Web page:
4. Prevention of CNS relapse: High WBC count is also a major risk factor for extramedullary relapse, in particular CNS relapse, although its incidence is small (cumulative incidence of 5% among high risk patients).[51,52] Given the published poor prognosis of extramedullary relapse,[51] CNS prophylaxis with intrathecal chemotherapy may be considered systematically in high risk patients. Agents that cross the blood-brain barrier such as high dose cytarabine or arsenic trioxide (ATO) may also reduce that risk. In APL 93 trial, using high dose cytarabine, 3 (0.9%) patients in CR had CNS relapse as compared with 15 (2.5%) and 9 (2.1%) patients in AIDA 0493 and AIDA 2000 trials, respectively, where the dose of AraC was conventional.[22,27,28] Moreover, systematic CNS prophylaxis with 5 triple intrathecal injections, in addition to higher dose cytarabine, in patients with high WBC count in APL 2000 trial was associated with the absence of CNS or other extramedullary relapse. The German AMLCG study using higher dose cytarabine also reported no CNS or other extramedullary relapse in standard and high risk patients.24 Despite penetration in cerebrospinal fluid, prolonged use of ATO did not seem efficacious in preventing CNS relapse in the absence of intrathecal chemotherapy in one study, where all 4 relapses (among 80 patients)  involved the CNS.[50]
    However, other authors consider the number of high risk patients to treat prophylactically too high given the overall low incidence of CNS relapse.[52] Also of note is that, since the advent of ATO to treat relapse, outcome of patients with CNS relapse has been better in our experience than with previously used salvage regimens.[53]

-3) APL with high WBC counts in specific age groups:
  1. Children: The frequency of high WBC counts in children is relatively high and even more (50%) in children aged <12 years.[13-16] In our experience, children aged <4 years have a higher risk of relapse even with prolonged maintenance treatment and high dose AraC.[16] For older children, EFS did not differ from that of adults after adjustment for WBC counts, and OS was often better due to better results of salvage treatment.14 High risk pediatric patients included in Italian trials had a 10-year EFS of 59%, significantly worse than in standard risk patients, while the Spanish group reported an overall 5-year CIR of 31% in children with high WBC counts. By contrast, similar outcomes were reported in high and standard risk patients in a Japanese study using cytarabine, added to ATRA and anthracyclines.[54]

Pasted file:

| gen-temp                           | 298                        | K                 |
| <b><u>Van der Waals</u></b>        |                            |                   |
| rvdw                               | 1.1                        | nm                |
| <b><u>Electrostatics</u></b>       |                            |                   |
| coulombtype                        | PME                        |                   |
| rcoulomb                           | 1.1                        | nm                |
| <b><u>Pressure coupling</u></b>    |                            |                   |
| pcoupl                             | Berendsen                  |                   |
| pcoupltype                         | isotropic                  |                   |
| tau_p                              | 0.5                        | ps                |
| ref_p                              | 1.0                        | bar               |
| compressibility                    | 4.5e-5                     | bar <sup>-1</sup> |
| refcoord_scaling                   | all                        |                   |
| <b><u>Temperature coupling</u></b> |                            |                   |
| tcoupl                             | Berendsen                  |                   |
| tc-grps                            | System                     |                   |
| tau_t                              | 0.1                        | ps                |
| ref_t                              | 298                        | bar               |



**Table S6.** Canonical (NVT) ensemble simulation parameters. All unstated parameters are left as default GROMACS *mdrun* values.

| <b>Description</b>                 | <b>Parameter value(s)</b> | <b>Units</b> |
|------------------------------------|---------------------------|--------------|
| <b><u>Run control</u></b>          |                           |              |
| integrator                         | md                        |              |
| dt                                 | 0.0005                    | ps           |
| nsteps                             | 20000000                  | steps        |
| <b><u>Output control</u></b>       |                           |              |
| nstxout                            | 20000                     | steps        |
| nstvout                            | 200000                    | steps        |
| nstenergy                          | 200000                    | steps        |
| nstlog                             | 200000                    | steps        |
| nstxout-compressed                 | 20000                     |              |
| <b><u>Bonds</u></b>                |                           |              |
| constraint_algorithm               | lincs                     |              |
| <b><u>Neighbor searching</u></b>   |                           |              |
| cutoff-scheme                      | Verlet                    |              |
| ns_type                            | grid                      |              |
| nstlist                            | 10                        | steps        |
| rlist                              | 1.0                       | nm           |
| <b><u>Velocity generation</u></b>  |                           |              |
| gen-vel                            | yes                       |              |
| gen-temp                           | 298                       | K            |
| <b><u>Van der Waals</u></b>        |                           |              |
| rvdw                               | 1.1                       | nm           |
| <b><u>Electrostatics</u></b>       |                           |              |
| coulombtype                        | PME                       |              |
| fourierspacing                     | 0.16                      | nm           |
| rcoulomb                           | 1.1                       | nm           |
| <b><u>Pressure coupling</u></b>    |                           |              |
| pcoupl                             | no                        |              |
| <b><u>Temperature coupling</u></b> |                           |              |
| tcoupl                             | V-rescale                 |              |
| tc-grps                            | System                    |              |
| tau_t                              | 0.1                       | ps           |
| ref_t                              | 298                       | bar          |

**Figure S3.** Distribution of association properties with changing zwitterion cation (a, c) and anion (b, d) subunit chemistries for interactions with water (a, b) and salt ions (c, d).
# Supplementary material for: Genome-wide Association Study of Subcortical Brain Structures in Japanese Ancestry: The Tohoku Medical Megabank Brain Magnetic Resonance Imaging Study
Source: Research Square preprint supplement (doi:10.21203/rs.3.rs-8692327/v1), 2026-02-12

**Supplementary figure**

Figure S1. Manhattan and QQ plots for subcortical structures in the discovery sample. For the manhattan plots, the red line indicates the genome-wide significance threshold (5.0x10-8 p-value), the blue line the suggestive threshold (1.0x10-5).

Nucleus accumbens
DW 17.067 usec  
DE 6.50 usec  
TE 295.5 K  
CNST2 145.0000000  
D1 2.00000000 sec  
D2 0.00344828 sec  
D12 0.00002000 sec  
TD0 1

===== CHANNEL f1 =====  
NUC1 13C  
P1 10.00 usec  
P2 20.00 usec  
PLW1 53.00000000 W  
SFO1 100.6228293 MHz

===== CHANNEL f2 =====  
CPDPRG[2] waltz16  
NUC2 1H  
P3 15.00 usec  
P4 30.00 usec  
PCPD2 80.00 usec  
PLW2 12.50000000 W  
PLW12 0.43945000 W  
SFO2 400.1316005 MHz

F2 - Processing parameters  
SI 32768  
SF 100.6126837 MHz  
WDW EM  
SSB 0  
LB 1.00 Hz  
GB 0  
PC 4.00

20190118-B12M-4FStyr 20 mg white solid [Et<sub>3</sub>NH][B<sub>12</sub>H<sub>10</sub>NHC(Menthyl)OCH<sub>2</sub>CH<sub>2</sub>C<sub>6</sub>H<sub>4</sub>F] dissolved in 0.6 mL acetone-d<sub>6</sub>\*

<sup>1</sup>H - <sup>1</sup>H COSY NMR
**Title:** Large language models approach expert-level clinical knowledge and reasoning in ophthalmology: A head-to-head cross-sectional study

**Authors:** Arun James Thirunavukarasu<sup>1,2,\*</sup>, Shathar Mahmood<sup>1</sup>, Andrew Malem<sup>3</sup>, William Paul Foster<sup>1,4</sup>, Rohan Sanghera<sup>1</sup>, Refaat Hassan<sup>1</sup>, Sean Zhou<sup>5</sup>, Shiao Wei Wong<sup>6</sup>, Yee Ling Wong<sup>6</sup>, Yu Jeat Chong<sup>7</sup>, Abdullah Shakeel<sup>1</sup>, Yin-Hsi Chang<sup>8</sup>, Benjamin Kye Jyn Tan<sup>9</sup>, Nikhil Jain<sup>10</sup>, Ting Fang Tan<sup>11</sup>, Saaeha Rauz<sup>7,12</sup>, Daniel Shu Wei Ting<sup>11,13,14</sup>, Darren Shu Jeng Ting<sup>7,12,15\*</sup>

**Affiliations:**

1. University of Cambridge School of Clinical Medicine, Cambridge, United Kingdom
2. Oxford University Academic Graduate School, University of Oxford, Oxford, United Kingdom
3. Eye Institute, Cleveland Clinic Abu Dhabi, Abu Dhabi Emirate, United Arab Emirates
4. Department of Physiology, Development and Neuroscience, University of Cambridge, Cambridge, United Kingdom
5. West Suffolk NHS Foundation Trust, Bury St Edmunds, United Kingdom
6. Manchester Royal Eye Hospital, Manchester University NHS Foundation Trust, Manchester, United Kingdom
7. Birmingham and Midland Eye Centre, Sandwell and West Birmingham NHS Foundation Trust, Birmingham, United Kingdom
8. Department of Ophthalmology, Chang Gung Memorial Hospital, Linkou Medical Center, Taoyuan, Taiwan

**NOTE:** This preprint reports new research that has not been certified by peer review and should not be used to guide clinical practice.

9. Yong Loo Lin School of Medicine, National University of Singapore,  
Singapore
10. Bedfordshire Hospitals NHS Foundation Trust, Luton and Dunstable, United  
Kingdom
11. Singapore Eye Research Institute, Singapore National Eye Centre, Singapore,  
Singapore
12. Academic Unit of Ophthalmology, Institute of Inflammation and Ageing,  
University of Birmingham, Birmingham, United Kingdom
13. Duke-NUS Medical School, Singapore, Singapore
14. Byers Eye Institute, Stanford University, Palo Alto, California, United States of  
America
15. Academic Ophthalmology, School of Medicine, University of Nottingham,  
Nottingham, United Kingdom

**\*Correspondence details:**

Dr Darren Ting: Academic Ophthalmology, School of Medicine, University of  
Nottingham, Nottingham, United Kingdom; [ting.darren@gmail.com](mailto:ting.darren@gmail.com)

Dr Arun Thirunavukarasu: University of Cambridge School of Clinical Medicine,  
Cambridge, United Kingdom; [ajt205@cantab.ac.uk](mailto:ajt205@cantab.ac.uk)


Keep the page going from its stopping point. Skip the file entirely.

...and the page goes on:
ATO, in combination to ATRA and chemotherapy, may offer an interesting perspective for disease control in pediatric patients with high WBC counts, especially in those aged <4 years, associated in our experience to a higher relapse risk. No chronic arsenic toxicity was observed in a Chinese report on childhood APL, despite protracted intermittent administration of ATO used as a single agent.[55]
  2. Elderly patients: Approximately 20% of APL patients are aged over 60 years, with a proportion of cases with WBC >10 G/L slightly lower than in younger adults (20% vs. 23% high risk patients among those aged ≥60 years vs.[19-59] years, respectively, in the PETHEMA studies).[56-58] Increased incidence of early deaths and deaths in CR in elderly APL patients in general renders particularly challenging the management of those patients, especially those with high risk features. Indeed, in both the GIMEMA and PETHEMA studies, one third of elderly patients died during induction remission.[56,57] Early deaths were due to hemorrhage and DS but also to cardiac complications.[56] Relapse rate of high risk elderly patients is similar to that of high risk younger patients.[58] Age above 50 years, in spite of absence of CIR difference across age groups, was, however, an adverse prognostic factor for EFS and OS in high and very high risk patients, in the combined analysis of APL 93 and APL 2000 trials.[12] Rather than age-adjusted chemotherapy dosage, incorporation of ATO in current regimens could counteract those adverse features with better disease control.

Improvement in outcomes of APL patients with high WBC counts was made possible by combining specific measures to prevent early mortality and relapse. Those results indicate that, with risk-tailored management, outcome of APL patients could become independent of WBC counts in the Acute promyelocytic leukemia. More investigation and efforts are still needed to reduce very early mortality not reflected by clinical trials results.